Opinion| Why the rulebooks on money transfer are being ripped up!

By Mike Laven, CEO, The Currency Cloud

If ‘FinTech’ is one of technology’s hottest sectors today, then international payments must surely be the hottest niche, at least if we’re judging by level of investor activity. This year in London alone, remittance players WorldRemit and Azimo scooped $40m and $10m in Series A rounds respectively, peer-to-peer hedging firm Kantox took €6.5m, while my own firm The Currency Cloud has just raised $10m in a Series B.

So why are tech entrepreneurs rushing to innovate in international payments, money transfer and foreign exchange? Well, one interpretation is that the retail international payments market is finally beginning to follow the lead of the capital markets.

Foreign exchange is the largest market in the world – north of £5tn in transactions are made every day. The vast majority of these transactions (around 80% depending on who you consult) are the result of institutional trading – i.e. activity from banks, funds and the like – while only 20% is retail money transfer i.e. actual cross-border payments made by individuals and businesses.

FX is now hugely tradable in the capital markets. Technology innovations such as algo trading have forced volumes up while margins have dwindled to almost nothing. The only way to make decent profits in FX is to trade massive volumes on minimal profits per lot. Technology has also resulted in total transparency on pricing.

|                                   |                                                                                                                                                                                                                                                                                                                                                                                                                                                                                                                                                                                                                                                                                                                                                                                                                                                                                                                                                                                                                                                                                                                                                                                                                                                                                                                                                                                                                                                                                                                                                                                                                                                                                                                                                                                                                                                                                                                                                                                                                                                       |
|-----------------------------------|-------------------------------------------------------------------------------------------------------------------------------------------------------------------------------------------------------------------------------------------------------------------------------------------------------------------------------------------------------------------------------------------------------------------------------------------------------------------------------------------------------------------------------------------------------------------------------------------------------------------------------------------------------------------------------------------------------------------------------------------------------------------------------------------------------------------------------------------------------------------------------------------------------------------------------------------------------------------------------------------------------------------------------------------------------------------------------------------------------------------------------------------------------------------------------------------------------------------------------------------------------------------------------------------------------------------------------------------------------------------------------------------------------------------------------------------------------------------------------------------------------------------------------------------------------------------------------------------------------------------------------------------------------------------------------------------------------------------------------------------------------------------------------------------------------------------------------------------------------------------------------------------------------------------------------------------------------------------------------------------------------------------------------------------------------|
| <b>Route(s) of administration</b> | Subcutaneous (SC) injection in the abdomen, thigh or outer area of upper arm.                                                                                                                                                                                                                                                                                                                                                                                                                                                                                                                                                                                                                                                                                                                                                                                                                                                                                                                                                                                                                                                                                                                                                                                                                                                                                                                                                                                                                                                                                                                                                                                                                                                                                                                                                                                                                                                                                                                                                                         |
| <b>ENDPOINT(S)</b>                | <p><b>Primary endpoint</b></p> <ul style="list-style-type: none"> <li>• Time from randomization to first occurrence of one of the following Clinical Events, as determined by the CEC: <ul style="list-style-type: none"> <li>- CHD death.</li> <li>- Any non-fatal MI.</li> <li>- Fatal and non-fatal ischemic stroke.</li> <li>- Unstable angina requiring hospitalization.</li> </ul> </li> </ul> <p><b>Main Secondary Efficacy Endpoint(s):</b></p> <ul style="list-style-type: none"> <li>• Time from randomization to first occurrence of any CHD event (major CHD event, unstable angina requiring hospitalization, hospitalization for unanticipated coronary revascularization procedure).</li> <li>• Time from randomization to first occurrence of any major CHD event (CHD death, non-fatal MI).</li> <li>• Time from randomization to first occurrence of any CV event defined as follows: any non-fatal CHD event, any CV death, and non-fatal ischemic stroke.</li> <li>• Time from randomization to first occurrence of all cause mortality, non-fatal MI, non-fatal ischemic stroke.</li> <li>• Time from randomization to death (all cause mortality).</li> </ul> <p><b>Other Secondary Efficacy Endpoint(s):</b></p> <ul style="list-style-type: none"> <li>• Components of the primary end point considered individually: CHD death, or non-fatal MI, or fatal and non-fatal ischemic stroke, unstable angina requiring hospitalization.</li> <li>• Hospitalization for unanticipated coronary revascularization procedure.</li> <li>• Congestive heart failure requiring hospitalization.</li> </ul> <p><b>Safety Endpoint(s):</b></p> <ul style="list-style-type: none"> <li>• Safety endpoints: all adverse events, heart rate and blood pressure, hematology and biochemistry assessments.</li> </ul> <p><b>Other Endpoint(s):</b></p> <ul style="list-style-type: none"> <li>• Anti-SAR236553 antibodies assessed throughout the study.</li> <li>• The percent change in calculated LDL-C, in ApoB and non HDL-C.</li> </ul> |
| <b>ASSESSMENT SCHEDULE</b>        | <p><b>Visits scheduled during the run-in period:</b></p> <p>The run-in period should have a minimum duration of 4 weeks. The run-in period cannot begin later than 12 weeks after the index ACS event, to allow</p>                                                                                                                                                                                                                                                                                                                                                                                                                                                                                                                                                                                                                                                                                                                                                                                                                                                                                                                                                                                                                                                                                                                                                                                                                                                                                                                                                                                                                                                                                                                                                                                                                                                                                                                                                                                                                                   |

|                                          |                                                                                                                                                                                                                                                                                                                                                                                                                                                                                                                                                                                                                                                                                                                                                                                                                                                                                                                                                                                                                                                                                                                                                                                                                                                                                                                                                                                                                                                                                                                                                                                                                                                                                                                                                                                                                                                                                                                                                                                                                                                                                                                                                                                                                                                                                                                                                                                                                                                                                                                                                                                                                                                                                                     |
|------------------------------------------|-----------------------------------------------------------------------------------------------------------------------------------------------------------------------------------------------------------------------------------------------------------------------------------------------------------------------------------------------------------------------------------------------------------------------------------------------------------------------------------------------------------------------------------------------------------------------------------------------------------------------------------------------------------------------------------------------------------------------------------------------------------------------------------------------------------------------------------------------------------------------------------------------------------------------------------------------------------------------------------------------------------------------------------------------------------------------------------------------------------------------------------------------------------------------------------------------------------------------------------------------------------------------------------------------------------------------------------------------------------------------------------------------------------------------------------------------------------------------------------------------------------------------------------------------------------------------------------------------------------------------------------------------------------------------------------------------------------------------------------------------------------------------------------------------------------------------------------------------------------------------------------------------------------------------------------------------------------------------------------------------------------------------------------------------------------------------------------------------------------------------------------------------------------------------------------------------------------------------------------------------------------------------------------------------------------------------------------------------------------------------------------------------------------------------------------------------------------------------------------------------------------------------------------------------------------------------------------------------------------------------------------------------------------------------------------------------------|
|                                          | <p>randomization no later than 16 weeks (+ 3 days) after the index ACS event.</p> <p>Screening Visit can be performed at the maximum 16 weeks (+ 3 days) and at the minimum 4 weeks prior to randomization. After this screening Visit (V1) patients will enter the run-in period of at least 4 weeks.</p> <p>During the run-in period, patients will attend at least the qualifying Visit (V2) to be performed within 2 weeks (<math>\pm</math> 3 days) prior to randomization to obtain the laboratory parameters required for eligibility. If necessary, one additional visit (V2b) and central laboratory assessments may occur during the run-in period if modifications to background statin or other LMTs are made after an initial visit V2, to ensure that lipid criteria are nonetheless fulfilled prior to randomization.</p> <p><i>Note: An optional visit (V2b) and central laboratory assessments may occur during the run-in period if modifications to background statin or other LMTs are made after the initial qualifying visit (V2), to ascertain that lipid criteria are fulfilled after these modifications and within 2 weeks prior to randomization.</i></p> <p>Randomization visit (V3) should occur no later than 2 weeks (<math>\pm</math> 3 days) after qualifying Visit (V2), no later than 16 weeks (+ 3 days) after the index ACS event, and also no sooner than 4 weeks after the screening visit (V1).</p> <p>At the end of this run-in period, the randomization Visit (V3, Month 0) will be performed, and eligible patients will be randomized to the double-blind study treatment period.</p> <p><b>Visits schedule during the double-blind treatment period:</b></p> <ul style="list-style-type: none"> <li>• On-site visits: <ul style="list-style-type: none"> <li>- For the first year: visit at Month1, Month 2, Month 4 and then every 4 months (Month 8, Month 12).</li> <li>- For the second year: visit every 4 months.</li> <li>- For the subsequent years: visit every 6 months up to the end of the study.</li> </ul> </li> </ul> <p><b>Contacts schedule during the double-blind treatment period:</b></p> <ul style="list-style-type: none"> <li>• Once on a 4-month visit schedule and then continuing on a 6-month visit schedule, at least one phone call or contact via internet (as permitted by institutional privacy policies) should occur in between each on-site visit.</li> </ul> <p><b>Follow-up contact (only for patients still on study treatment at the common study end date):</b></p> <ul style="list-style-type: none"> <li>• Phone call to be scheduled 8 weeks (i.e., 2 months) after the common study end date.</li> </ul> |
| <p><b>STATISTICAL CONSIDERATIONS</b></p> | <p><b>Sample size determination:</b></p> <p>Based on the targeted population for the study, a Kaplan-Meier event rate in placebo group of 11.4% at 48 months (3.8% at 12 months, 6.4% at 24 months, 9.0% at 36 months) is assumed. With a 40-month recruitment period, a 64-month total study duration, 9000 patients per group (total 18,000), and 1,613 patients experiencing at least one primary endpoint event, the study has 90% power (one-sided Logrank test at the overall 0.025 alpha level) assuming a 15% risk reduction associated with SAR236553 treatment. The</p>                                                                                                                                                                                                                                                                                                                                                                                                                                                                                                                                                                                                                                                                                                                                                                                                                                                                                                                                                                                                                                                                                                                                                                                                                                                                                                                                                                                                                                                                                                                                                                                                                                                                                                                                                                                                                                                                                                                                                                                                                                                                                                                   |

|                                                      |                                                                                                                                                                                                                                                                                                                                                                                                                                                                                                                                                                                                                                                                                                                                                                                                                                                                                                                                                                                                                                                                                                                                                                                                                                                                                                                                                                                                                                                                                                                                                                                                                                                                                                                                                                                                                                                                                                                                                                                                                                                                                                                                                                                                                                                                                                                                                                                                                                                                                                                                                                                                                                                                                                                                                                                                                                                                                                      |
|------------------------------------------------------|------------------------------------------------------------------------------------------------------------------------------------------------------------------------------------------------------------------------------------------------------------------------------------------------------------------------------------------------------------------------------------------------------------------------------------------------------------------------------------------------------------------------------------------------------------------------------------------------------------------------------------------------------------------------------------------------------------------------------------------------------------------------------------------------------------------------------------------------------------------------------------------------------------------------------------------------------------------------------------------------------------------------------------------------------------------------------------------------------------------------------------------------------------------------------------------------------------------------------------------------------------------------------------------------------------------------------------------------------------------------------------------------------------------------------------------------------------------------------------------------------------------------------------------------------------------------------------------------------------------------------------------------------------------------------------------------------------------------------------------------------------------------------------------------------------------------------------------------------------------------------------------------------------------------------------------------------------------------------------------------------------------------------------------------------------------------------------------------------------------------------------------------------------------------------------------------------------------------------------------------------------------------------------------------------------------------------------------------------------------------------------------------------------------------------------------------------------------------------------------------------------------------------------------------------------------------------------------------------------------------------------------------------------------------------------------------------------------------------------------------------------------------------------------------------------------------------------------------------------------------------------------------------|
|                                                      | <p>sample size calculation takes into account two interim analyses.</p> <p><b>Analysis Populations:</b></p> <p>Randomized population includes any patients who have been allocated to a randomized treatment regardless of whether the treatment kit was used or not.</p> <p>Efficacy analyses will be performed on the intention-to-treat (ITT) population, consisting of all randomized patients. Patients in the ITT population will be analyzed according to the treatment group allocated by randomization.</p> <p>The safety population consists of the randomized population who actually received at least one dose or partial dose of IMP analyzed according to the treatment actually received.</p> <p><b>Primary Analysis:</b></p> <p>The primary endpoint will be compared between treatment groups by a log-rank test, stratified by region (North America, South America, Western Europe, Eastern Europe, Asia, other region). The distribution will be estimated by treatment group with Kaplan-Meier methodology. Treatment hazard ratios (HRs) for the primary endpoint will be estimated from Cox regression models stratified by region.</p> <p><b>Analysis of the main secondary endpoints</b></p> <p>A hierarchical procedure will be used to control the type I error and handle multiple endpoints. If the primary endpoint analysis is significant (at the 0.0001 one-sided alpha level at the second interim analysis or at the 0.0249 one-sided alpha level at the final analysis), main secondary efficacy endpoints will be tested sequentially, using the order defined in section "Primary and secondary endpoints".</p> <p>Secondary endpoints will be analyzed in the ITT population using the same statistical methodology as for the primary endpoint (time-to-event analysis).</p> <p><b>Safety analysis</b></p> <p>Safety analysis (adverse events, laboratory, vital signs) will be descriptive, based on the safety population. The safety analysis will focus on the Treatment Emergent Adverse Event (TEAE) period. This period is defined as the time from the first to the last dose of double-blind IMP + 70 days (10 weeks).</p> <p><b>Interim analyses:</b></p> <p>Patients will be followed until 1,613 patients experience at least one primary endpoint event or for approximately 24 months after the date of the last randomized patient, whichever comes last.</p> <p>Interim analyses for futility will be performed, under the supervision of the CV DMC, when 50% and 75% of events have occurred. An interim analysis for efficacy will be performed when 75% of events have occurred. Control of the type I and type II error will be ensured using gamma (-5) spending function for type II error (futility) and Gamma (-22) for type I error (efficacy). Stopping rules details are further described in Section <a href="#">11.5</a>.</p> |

The same is now beginning to happen in retail money transfer. The retail market is arguably the last refuge of massive profit margins for banks. Financial institutions and other traditional players in the market, such as Western Union, charge businesses and consumers enormous fees, while keeping pricing relatively opaque.

Capitalising on tech trends such as cloud computing, big data and mobile, tech entrepreneurs have taken a look at the antiquated systems and inefficient business models of traditional money transfer and innovated to provide speed, transparency and lower costs for end users. In short, the sorts of services we should expect in the 21st century.

A lot of this innovation is happening in London, given it is the world’s capital for financial services, but it has the potential to help people and businesses all over the world. A fairer money transfer market will democratise international trade, ensure some of the poorest communities in the world are better off and level the playing field for small businesses against corporates. These are some of the reasons why we should all be thankful for innovation in money transfer.

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